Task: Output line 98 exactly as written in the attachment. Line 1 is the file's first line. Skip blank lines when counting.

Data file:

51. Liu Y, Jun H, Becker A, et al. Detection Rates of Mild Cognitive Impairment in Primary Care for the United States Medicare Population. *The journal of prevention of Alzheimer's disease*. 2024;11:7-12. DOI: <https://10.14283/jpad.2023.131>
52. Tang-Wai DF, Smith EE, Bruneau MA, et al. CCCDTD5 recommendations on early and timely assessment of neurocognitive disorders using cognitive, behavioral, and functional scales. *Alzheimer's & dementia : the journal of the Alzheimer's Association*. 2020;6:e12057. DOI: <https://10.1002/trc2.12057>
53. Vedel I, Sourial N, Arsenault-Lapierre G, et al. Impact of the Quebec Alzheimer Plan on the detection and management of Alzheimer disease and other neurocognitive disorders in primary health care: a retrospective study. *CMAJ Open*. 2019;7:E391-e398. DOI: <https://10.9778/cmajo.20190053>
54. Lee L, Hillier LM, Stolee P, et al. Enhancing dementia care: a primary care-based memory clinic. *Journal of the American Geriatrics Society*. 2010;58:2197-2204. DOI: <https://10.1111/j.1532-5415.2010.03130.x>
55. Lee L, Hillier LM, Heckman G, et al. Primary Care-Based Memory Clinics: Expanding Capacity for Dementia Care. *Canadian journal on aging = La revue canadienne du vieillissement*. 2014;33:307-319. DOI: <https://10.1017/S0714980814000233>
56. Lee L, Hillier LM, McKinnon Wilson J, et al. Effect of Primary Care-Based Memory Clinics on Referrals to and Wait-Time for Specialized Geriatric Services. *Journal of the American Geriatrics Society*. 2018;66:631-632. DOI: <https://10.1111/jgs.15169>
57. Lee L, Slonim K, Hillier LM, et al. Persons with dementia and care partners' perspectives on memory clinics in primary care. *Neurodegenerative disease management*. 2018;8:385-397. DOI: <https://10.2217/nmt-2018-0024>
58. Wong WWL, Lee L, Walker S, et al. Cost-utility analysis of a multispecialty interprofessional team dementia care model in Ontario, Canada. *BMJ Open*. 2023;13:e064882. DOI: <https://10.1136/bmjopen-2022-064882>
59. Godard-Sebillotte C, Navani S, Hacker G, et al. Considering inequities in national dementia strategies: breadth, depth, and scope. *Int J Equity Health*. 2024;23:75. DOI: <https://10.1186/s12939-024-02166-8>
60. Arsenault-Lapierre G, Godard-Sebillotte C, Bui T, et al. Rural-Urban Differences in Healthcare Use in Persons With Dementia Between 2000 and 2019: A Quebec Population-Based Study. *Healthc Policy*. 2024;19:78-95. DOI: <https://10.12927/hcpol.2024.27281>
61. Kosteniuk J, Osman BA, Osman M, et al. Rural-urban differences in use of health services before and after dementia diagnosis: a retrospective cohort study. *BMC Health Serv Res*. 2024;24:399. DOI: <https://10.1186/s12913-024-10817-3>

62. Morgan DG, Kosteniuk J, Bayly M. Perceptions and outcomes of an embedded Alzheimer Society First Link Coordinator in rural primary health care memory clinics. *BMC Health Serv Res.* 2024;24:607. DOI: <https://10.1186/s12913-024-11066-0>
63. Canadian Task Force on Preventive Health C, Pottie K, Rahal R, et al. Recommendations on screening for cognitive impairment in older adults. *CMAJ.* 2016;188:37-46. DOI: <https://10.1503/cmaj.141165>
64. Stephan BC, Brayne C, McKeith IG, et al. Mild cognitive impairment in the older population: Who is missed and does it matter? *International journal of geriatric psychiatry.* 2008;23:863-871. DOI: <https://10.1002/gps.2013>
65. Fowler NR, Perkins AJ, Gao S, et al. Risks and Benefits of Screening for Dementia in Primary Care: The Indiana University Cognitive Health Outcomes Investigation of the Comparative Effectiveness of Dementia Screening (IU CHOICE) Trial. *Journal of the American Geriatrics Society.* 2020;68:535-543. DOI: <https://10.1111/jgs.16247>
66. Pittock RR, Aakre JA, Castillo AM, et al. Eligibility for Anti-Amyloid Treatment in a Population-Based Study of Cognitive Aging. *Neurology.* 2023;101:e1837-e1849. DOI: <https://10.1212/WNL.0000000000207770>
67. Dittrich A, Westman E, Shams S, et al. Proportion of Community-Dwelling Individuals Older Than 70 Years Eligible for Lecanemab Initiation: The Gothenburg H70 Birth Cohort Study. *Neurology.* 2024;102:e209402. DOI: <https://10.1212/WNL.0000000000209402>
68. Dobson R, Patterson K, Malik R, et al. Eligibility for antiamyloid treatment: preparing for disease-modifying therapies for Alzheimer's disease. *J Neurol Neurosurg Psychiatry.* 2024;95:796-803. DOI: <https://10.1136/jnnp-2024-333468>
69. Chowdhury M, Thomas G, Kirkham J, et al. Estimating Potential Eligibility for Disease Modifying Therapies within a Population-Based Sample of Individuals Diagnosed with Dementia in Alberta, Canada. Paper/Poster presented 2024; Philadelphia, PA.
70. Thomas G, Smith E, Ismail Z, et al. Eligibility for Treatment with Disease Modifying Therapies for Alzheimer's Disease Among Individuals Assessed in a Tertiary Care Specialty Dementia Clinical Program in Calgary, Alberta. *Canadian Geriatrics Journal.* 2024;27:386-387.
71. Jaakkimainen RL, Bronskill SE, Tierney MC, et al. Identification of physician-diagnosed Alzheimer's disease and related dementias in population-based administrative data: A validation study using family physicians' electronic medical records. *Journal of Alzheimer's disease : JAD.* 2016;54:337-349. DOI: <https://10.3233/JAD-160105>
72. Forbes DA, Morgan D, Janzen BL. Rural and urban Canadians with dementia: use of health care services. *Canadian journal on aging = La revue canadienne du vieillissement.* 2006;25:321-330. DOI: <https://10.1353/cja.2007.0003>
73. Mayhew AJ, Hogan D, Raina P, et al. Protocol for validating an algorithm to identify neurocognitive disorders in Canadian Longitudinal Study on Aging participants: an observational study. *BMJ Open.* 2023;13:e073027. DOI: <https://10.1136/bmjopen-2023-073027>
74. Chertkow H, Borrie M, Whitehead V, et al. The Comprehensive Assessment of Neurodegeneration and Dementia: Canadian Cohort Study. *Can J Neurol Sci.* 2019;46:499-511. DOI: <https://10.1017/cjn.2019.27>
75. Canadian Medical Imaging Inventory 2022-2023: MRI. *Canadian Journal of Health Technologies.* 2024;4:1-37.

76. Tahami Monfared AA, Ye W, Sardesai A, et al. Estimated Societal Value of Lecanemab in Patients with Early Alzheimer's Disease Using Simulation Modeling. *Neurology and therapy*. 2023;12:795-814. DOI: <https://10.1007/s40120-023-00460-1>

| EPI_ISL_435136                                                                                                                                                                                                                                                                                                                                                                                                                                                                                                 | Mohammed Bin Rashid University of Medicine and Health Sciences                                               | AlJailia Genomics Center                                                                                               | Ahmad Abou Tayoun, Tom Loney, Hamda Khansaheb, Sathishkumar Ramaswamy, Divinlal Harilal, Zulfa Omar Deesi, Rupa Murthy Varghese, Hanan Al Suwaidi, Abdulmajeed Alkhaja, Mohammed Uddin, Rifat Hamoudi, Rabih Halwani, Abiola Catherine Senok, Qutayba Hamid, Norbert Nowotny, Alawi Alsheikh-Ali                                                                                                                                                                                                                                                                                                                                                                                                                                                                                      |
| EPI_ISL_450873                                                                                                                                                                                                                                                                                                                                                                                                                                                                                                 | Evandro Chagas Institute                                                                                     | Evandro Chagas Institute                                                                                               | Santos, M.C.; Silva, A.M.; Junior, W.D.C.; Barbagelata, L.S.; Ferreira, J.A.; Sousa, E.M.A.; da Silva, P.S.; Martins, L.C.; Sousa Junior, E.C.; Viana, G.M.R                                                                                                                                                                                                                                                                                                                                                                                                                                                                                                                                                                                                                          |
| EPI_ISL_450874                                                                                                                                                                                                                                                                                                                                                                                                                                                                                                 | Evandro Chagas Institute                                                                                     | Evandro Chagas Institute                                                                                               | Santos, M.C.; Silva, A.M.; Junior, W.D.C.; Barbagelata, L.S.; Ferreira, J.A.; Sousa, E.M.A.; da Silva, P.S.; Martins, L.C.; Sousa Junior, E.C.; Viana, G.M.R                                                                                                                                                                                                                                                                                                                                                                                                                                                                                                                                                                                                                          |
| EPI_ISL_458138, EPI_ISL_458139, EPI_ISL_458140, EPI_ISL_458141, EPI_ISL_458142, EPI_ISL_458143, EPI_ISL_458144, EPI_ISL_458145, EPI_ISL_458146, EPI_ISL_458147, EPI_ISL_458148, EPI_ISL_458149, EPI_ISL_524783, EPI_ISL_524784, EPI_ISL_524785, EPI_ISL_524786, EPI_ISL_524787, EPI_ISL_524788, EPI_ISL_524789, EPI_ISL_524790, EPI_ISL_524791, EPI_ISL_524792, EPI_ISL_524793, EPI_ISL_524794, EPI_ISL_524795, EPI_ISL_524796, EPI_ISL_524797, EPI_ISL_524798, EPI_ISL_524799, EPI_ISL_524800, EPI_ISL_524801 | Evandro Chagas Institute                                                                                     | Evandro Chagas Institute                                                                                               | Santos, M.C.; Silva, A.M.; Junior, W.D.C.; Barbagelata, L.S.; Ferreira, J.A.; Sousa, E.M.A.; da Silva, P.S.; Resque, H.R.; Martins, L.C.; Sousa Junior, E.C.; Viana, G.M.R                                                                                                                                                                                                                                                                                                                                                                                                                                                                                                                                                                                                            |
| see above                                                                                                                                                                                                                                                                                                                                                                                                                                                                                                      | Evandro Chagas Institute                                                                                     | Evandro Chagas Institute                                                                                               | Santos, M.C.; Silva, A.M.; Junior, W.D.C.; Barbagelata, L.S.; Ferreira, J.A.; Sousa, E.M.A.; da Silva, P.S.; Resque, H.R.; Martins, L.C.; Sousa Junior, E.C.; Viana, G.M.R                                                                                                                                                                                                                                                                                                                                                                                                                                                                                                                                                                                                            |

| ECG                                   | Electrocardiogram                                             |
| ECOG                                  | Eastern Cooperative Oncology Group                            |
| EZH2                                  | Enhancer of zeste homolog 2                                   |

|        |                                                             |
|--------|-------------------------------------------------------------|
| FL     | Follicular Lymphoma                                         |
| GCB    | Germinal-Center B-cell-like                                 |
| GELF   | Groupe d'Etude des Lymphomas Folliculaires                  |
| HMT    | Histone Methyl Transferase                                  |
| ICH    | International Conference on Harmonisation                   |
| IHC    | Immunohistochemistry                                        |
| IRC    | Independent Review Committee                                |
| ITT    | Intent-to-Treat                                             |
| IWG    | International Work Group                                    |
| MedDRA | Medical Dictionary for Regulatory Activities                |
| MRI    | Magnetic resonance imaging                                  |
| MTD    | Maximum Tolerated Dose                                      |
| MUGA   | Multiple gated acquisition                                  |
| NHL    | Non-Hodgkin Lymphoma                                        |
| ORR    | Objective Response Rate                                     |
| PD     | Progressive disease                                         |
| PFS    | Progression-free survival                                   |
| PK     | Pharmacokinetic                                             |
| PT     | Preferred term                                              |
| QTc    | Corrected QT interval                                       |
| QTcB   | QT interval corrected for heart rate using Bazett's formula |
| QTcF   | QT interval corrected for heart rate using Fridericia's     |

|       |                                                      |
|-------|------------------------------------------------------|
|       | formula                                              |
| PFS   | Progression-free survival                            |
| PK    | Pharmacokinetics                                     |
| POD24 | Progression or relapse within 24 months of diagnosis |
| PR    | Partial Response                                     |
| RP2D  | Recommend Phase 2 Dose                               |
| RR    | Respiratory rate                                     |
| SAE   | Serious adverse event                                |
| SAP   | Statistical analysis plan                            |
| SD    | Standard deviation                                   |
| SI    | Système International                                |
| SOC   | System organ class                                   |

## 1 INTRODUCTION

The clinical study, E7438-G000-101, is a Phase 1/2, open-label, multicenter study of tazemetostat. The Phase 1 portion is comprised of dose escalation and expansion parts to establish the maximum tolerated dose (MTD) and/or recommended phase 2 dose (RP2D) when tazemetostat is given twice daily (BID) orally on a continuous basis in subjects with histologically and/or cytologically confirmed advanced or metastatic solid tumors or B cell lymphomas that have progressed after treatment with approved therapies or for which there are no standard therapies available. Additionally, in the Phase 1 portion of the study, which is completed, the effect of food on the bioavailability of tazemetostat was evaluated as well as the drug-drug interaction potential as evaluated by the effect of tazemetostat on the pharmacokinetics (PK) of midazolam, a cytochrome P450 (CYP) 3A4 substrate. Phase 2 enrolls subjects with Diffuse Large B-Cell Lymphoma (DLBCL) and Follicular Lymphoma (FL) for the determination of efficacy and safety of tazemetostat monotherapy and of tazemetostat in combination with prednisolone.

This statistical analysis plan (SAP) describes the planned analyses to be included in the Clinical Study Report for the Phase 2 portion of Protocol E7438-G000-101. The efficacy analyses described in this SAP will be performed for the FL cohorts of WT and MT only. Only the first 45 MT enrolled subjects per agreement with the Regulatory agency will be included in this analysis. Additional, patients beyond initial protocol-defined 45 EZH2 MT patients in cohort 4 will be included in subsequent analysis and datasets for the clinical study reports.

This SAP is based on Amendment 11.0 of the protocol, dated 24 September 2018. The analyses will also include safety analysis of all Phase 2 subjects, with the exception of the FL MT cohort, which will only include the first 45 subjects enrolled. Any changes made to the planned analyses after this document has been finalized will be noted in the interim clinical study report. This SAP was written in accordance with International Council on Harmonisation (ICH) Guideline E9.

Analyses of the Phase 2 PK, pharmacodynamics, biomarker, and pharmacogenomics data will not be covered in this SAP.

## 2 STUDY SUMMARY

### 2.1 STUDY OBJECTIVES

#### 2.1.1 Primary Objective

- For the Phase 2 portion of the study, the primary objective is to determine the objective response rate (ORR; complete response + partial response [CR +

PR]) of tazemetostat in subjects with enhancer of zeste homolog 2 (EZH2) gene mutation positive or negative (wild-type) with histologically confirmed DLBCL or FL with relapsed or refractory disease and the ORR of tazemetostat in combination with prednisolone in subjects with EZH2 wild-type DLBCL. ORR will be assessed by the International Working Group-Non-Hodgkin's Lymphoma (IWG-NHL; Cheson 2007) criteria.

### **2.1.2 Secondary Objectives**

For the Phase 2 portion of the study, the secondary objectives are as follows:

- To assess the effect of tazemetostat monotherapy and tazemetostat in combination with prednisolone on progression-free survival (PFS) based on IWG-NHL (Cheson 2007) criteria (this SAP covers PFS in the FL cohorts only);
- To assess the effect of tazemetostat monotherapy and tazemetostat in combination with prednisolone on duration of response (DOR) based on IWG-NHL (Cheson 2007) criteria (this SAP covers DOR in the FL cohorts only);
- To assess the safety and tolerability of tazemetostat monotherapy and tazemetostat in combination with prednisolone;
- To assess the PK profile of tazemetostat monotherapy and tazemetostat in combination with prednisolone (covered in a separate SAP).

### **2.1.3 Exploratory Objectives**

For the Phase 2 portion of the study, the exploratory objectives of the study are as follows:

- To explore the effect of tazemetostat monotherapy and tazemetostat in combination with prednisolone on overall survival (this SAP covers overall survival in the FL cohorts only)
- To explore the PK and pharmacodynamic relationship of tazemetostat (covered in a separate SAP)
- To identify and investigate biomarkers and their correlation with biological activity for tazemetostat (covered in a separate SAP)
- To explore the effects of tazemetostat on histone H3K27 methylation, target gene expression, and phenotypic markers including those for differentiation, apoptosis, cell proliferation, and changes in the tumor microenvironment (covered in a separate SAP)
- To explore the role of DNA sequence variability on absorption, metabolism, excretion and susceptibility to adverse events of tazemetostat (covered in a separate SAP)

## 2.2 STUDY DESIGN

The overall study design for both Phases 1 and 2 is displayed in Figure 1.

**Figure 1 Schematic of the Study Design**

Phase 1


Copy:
**Figure 1 Schematic of the Study Design**